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17. World Scripts Support

If you build XEmacs using the --with-mule option, it supports a wide variety of world scripts, including the Latin script, the Arabic script, Simplified Chinese (for mainland of China), Traditional Chinese (for Taiwan and Hong-Kong), the Greek script, the Hebrew script, IPA symbols, Japanese scripts (Hiragana, Katakana and Kanji), Korean scripts (Hangul and Hanja) and the Cyrillic script (for Byelorussian, Bulgarian, Russian, Serbian and Ukrainian). These features have been merged from the modified version of Emacs known as MULE (for "MULti-lingual Enhancement to GNU Emacs").

17.1 Introduction: The Wide Variety of Scripts and Codings in Use  Basic concepts of Mule.
17.2 Language Environments  Setting things up for the language you use.
17.3 Input Methods  Entering text characters not on your keyboard.
17.4 Selecting an Input Method  Specifying your choice of input methods.
17.5 Coding Systems  Character set conversion when you read and write files, and so on.
17.6 Recognizing Coding Systems  How XEmacs figures out which conversion to use.
17.7 Character Set Unification  Integrating overlapping character sets.
17.8 Specifying a Coding System  Various ways to choose which conversion to use.
17.9 Charsets and Coding Systems  Tables and other reference material.


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17.1 Introduction: The Wide Variety of Scripts and Codings in Use

There are hundreds of scripts in use world-wide. The users of these scripts have established many more-or-less standard coding systems for storing text written in them in files. XEmacs translates between its internal character encoding and various other coding systems when reading and writing files, when exchanging data with subprocesses, and (in some cases) in the C-q command (see below). (2)

The command C-h h (view-hello-file) displays the file `etc/HELLO', which shows how to say "hello" in many languages. This illustrates various scripts.

Keyboards, even in the countries where these character sets are used, generally don't have keys for all the characters in them. So XEmacs supports various input methods, typically one for each script or language, to make it convenient to type them.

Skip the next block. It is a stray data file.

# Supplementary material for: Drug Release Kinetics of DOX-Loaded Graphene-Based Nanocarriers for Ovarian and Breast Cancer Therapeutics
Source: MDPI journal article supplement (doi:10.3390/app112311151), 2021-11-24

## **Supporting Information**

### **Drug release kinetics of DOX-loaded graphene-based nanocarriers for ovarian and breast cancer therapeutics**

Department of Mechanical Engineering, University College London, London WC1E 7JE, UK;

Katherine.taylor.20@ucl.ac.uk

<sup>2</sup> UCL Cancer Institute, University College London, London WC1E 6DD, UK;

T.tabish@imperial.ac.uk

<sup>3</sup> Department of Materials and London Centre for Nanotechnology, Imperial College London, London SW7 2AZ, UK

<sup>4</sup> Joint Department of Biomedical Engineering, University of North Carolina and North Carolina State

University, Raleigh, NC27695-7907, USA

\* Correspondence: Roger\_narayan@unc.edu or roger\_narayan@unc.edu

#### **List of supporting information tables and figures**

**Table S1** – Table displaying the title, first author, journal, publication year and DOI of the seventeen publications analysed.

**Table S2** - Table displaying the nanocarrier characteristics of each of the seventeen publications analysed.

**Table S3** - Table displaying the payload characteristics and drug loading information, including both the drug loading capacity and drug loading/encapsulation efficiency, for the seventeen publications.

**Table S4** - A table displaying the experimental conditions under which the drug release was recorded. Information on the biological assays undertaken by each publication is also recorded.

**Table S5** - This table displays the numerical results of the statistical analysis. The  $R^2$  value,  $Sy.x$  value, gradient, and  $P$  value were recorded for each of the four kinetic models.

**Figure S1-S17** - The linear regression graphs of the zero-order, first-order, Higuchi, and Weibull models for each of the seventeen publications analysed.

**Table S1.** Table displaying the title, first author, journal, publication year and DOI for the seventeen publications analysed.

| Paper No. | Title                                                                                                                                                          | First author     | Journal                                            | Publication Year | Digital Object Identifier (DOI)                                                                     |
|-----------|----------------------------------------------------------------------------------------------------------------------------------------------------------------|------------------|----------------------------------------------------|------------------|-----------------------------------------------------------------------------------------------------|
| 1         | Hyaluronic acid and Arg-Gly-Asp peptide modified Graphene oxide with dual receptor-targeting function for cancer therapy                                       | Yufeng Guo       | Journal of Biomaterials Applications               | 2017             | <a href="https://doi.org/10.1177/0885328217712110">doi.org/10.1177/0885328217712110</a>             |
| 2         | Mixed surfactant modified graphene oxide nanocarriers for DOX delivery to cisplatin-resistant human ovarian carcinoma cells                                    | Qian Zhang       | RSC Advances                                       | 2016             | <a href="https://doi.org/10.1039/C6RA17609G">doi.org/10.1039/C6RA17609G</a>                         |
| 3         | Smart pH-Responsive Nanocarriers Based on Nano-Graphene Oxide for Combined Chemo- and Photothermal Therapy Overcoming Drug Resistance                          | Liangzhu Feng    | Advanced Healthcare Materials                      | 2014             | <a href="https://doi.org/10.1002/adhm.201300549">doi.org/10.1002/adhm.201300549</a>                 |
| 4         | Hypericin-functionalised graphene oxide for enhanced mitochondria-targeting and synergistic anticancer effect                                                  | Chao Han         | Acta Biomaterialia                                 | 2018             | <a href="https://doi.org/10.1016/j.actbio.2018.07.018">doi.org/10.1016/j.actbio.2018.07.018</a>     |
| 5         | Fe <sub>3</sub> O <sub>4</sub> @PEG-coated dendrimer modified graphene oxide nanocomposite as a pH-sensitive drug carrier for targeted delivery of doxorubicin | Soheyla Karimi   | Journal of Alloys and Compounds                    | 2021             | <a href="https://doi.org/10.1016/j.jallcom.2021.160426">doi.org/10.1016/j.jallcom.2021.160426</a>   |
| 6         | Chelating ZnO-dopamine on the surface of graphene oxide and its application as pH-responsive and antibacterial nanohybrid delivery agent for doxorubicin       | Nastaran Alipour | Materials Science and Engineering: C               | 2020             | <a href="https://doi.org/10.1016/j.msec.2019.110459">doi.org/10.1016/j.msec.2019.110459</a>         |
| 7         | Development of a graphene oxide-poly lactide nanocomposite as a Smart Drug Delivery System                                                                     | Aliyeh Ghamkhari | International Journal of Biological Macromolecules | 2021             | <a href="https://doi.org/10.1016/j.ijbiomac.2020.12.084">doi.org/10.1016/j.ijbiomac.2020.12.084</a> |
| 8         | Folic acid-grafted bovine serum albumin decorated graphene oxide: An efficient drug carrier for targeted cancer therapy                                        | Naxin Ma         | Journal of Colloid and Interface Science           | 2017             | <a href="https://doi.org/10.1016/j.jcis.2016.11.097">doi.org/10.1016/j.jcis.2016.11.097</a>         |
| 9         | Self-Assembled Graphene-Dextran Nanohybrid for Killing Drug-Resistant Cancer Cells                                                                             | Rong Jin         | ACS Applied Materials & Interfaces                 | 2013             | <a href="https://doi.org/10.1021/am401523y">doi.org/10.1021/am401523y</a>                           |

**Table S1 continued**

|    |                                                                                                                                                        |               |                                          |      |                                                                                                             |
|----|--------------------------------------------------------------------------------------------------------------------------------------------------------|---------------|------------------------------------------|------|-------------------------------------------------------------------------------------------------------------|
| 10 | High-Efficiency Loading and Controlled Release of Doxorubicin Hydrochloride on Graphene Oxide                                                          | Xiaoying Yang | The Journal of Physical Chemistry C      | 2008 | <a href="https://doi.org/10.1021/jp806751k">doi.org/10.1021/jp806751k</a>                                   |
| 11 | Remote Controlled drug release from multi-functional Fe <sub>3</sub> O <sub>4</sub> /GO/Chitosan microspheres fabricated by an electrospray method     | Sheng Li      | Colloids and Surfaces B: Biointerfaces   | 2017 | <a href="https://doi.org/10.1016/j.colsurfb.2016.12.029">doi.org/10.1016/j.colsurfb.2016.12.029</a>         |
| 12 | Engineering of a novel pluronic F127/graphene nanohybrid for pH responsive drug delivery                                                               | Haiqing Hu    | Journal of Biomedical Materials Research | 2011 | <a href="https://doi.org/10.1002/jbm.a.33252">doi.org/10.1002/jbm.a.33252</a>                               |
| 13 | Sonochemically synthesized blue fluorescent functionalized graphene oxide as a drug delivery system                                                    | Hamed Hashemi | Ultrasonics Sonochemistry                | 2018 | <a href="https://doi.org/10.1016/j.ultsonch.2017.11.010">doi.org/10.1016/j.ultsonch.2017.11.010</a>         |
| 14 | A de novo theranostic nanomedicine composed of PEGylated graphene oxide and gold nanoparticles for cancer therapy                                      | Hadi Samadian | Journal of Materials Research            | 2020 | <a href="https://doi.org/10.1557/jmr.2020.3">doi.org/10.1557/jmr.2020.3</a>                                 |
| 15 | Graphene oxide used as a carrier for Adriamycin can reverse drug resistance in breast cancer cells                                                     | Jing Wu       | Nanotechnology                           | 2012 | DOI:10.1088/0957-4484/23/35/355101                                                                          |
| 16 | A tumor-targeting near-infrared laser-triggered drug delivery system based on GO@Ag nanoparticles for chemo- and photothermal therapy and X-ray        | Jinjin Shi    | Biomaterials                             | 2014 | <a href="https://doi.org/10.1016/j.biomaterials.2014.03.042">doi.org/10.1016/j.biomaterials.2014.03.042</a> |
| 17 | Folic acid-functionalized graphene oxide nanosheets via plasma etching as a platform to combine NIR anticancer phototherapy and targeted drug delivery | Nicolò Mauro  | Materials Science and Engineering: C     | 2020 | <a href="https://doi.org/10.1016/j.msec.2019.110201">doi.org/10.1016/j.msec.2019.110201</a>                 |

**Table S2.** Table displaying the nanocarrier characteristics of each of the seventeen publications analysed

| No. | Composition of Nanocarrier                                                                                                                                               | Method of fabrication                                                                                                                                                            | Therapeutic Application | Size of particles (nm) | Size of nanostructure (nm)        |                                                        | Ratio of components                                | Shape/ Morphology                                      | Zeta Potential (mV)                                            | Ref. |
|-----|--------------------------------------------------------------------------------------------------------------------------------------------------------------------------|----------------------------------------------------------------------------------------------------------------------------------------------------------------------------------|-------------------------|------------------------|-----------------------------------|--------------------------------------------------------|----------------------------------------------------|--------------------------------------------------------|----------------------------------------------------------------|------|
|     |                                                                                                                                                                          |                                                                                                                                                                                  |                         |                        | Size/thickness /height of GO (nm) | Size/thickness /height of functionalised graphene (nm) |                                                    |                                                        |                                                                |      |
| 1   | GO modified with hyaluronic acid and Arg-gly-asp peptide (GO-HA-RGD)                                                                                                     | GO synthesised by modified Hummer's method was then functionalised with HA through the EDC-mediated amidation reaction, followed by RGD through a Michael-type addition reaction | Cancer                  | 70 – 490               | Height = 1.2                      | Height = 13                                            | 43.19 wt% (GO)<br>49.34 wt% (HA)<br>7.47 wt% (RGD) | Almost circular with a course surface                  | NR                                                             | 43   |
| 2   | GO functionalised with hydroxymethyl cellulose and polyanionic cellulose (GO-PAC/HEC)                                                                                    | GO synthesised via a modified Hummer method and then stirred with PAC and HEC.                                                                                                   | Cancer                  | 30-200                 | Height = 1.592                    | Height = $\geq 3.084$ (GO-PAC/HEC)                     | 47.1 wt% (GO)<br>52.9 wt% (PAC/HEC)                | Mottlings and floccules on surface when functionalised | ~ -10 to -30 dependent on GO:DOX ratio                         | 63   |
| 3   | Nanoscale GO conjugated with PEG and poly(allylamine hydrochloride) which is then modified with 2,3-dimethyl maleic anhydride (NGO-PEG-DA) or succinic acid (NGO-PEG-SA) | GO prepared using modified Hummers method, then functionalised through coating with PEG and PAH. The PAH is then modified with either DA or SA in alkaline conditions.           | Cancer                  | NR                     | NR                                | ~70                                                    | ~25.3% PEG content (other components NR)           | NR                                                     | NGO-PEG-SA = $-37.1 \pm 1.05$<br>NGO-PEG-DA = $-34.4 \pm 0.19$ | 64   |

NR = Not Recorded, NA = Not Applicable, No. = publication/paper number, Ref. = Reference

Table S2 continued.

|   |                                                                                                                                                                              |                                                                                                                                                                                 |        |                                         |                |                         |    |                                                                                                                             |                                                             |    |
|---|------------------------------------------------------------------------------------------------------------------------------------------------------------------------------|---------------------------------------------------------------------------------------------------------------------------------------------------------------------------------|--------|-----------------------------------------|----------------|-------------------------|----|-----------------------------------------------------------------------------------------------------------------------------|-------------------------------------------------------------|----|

The prefix key C-x RET is used for commands that pertain to world scripts, coding systems, and input methods.


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17.2 Language Environments

All supported character sets are supported in XEmacs buffers if it is compiled with mule; there is no need to select a particular language in order to display its characters in an XEmacs buffer. However, it is important to select a language environment in order to set various defaults. The language environment really represents a choice of preferred script (more or less) rather that a choice of language.

The language environment controls which coding systems to recognize when reading text (see section 17.6 Recognizing Coding Systems). This applies to files, incoming mail, netnews, and any other text you read into XEmacs. It may also specify the default coding system to use when you create a file. Each language environment also specifies a default input method.

The command to select a language environment is M-x set-language-environment. It makes no difference which buffer is current when you use this command, because the effects apply globally to the XEmacs session. The supported language environments include:

ASCII, Chinese-BIG5, Chinese-GB, Croatian, Cyrillic-ALT, Cyrillic-ISO, Cyrillic-KOI8, Cyrillic-Win, Czech, English, Ethiopic, French, German, Greek, Hebrew, IPA, Japanese, Korean, Latin-1, Latin-2, Latin-3, Latin-4, Latin-5, Norwegian, Polish, Romanian, Slovenian, Thai-XTIS, Vietnamese.

Some operating systems let you specify the language you are using by setting locale environment variables. XEmacs handles one common special case of this: if your locale name for character types contains the string `8859-n', XEmacs automatically selects the corresponding language environment.